Data for: Servitization: A contemporary thematic review of four major research streams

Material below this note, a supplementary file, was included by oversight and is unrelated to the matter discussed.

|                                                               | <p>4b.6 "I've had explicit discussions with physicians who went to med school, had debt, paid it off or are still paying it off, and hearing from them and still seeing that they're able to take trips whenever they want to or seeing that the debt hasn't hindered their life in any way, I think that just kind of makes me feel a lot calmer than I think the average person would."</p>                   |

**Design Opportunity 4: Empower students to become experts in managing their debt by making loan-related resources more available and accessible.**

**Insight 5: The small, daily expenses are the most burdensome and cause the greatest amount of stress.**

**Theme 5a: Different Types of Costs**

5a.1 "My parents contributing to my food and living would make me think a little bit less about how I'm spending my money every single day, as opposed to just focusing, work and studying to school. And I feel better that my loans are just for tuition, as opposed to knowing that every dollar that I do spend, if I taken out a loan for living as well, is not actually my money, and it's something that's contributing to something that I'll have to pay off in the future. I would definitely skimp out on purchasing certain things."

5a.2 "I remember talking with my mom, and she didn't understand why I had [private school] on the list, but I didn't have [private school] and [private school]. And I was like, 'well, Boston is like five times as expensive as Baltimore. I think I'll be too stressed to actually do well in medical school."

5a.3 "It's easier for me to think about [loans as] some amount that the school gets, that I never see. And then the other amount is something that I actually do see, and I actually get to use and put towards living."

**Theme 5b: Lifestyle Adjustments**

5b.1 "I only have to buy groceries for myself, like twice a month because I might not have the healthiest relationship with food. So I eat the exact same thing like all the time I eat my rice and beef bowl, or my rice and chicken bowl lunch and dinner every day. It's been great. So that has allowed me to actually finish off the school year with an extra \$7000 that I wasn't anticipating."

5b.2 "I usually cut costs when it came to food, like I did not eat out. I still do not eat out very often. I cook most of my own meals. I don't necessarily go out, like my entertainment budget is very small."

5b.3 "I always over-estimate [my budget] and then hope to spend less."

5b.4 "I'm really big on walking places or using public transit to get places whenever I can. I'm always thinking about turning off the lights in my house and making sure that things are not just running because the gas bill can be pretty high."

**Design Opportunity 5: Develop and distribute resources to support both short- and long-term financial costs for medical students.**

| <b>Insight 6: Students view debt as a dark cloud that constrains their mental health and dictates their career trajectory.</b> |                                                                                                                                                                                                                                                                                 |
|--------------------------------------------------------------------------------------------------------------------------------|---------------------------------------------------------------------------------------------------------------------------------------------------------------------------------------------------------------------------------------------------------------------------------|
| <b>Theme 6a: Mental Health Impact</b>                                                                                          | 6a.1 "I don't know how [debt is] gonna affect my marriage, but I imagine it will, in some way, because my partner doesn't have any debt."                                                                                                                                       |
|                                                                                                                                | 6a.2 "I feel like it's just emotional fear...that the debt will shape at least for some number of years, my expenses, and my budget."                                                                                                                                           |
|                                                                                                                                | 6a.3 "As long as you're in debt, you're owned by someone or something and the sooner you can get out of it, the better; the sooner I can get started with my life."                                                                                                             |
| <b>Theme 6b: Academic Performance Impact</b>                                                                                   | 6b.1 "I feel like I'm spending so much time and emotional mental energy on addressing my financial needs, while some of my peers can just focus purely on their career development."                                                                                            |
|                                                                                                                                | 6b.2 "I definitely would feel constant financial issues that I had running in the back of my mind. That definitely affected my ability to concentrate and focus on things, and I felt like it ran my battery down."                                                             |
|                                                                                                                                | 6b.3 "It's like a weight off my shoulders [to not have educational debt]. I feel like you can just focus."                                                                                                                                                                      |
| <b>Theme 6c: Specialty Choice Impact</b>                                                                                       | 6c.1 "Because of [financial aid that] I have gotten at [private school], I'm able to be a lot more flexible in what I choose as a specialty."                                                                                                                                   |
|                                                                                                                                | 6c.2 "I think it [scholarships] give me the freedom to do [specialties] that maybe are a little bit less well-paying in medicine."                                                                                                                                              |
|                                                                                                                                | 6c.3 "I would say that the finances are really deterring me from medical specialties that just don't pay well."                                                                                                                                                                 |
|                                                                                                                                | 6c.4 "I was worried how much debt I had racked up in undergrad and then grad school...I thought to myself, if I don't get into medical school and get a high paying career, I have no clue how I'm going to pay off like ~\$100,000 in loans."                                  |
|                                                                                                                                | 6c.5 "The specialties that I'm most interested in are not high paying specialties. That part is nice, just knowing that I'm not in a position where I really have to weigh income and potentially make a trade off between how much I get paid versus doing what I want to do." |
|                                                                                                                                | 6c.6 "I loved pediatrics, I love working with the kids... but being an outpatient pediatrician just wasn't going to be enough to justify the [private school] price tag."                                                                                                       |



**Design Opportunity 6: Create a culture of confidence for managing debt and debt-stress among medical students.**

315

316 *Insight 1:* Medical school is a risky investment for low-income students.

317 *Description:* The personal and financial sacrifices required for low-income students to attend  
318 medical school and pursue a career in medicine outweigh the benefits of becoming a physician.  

Servitization: A contemporary thematic review of four major research streams Web appendix Relevant literature was identified through undertaking a keyword search, based on the research team’s knowledge of the topic (Transfield et al., 2003). The following terms were used: ‘after-sales services’, ‘industrial services’, ‘product-related services’, ‘product-service system’, ‘servitization’, ‘servitisation’ ‘servicification’, ‘service infusion’, ‘solutions’ and ‘transition from product to services.’ To conduct the search, the Scopus database was used, using title, abstract and keyword fields, searching the ‘Business, Management & Accounting’ subject area. Transfield et al. (2003) note the importance of only including work that meets all the inclusion criteria and which manifests none of the exclusion criteria. For this study, four criteria were applied. First, research fully published between January 2005 and December 2017 (inclusive) was selected to ensure that the review was both contemporary and comprehensive, since it is within this period that most papers have been published (Baines et al., 2017). Second, papers were selected in journals which were in the Academic Journal Guide (AJG) , thereby excluding journals from other disciplines and books/conference papers. Third, papers were published in journals ranked at least 2* by the AJG to ensure that only work that met a high quality threshold was included (according to the AJG, journals ranked 2* and above publish original research). Fourth, papers were selected that focused on manufacturers’ services and solutions, as the term ‘solution’, in particular, is sometimes used in other contexts. 272 papers provisionally met these search criteria and were retrieved, and two of the research team then read the abstracts of these papers. As Transfield et al. (2003) find, decisions regarding inclusion and exclusion remain relatively subjective and when an abstract was ambiguous (in terms of what the paper was about), the full paper was read by the research team members and a decision made about whether it should be included. This was particularly the case for the fourth criterion; that is, whether papers about ‘solutions’ were concerning this topic, or some other aspect of manufacturing. At this point, 65 papers were removed due to little focus on the core topic. The authors reviewed the list of papers from this search to ensure its completeness, and through a snowballing approach (Greenhalgh and Peacock, 2005), considered other papers in the original sample’s references and subsequent papers that referenced the original sample’s papers. Using Google Scholar, 12 additional papers were added to the final list at this point; eight through backward and four through forward snowballing. In total, 219 papers met all the criteria for inclusion in the review.